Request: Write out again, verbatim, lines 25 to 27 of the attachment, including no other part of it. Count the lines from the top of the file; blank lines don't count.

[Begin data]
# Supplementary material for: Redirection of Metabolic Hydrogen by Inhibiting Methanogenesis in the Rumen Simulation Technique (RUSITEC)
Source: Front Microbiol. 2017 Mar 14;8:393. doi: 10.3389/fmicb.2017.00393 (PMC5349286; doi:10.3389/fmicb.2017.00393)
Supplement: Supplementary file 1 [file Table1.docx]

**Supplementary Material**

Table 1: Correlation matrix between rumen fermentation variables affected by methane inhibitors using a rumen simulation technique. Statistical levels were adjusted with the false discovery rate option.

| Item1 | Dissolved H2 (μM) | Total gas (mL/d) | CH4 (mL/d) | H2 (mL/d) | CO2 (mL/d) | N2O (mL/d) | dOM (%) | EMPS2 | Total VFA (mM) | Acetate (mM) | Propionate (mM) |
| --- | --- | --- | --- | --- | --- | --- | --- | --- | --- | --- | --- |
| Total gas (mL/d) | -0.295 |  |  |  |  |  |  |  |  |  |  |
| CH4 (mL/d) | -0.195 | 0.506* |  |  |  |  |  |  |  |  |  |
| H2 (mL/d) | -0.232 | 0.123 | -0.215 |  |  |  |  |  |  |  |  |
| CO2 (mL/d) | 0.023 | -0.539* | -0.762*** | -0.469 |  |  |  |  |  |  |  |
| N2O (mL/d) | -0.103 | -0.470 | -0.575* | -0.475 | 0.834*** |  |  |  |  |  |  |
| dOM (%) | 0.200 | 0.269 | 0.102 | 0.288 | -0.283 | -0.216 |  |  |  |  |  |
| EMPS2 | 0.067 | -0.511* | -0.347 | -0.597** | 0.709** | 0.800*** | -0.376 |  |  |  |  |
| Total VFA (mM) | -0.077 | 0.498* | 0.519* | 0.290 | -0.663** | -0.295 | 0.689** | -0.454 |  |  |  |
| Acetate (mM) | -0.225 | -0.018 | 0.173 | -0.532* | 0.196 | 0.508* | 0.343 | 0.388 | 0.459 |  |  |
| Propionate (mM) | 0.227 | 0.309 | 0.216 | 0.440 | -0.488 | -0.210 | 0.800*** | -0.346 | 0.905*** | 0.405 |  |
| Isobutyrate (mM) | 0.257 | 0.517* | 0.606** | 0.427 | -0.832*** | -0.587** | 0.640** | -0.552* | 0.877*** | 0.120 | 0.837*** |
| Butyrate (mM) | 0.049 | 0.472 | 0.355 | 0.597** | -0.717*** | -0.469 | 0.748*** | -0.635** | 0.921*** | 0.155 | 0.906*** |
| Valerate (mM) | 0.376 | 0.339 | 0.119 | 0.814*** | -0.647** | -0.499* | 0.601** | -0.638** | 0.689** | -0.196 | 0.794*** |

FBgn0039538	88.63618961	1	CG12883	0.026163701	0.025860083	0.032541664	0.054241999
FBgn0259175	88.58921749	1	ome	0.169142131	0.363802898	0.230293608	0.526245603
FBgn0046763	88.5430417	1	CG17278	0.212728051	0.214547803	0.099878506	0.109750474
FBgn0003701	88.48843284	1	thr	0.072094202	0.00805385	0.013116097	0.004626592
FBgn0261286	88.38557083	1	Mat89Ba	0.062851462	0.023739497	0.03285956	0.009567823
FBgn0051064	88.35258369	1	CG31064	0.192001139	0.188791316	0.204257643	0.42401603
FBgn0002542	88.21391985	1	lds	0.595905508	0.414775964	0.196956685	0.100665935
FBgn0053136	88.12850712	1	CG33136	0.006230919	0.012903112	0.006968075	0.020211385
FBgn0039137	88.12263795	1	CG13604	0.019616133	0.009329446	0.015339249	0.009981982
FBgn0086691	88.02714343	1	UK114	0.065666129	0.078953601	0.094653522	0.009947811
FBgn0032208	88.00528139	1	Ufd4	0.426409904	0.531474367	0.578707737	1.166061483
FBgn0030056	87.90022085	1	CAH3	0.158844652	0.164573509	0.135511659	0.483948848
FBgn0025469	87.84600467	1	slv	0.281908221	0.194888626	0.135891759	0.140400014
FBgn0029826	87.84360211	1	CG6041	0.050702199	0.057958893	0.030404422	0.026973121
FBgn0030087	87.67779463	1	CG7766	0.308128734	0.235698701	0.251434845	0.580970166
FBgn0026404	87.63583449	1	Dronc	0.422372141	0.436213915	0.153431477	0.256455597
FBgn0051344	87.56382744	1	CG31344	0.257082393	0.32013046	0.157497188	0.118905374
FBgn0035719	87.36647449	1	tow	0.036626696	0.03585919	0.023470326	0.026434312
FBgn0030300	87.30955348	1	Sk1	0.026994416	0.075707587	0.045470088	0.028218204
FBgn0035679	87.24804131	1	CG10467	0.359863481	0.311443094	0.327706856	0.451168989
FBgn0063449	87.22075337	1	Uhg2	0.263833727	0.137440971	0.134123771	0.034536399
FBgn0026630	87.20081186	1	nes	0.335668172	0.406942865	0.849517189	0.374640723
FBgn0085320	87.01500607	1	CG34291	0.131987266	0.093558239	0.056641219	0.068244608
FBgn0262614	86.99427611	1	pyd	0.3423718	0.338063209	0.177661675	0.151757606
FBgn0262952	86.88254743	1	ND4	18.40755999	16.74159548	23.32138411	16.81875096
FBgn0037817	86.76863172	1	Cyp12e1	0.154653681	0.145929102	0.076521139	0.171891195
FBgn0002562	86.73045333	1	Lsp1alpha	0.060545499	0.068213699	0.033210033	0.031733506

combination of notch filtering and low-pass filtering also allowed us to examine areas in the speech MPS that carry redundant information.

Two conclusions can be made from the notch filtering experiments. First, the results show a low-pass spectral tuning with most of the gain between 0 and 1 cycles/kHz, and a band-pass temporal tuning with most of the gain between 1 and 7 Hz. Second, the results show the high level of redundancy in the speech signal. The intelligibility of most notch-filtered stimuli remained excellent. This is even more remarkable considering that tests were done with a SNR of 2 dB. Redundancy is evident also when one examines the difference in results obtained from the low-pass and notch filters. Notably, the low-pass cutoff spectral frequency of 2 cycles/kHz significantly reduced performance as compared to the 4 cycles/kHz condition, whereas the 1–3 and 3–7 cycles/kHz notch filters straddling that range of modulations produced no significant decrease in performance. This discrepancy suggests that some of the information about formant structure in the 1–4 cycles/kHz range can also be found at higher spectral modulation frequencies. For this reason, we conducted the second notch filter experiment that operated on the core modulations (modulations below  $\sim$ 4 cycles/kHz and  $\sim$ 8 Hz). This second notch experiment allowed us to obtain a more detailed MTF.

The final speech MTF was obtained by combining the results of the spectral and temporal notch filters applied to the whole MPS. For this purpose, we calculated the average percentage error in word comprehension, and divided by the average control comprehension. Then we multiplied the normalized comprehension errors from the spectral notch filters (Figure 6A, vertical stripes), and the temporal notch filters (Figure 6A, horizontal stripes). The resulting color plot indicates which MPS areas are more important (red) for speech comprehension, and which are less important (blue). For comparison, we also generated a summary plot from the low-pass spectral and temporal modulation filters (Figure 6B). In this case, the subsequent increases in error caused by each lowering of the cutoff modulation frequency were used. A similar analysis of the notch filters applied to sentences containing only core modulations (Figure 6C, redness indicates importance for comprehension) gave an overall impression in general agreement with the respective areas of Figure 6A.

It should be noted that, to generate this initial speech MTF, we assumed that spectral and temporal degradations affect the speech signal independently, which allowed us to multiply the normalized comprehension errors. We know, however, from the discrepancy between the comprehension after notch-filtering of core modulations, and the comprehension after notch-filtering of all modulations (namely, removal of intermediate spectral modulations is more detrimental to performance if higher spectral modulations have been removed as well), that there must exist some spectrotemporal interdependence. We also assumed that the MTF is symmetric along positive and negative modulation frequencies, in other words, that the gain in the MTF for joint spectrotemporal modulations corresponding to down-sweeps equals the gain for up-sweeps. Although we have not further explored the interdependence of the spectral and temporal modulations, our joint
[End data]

FBgn0261286	88.38557083	1	Mat89Ba	0.062851462	0.023739497	0.03285956	0.009567823
FBgn0051064	88.35258369	1	CG31064	0.192001139	0.188791316	0.204257643	0.42401603
FBgn0002542	88.21391985	1	lds	0.595905508	0.414775964	0.196956685	0.100665935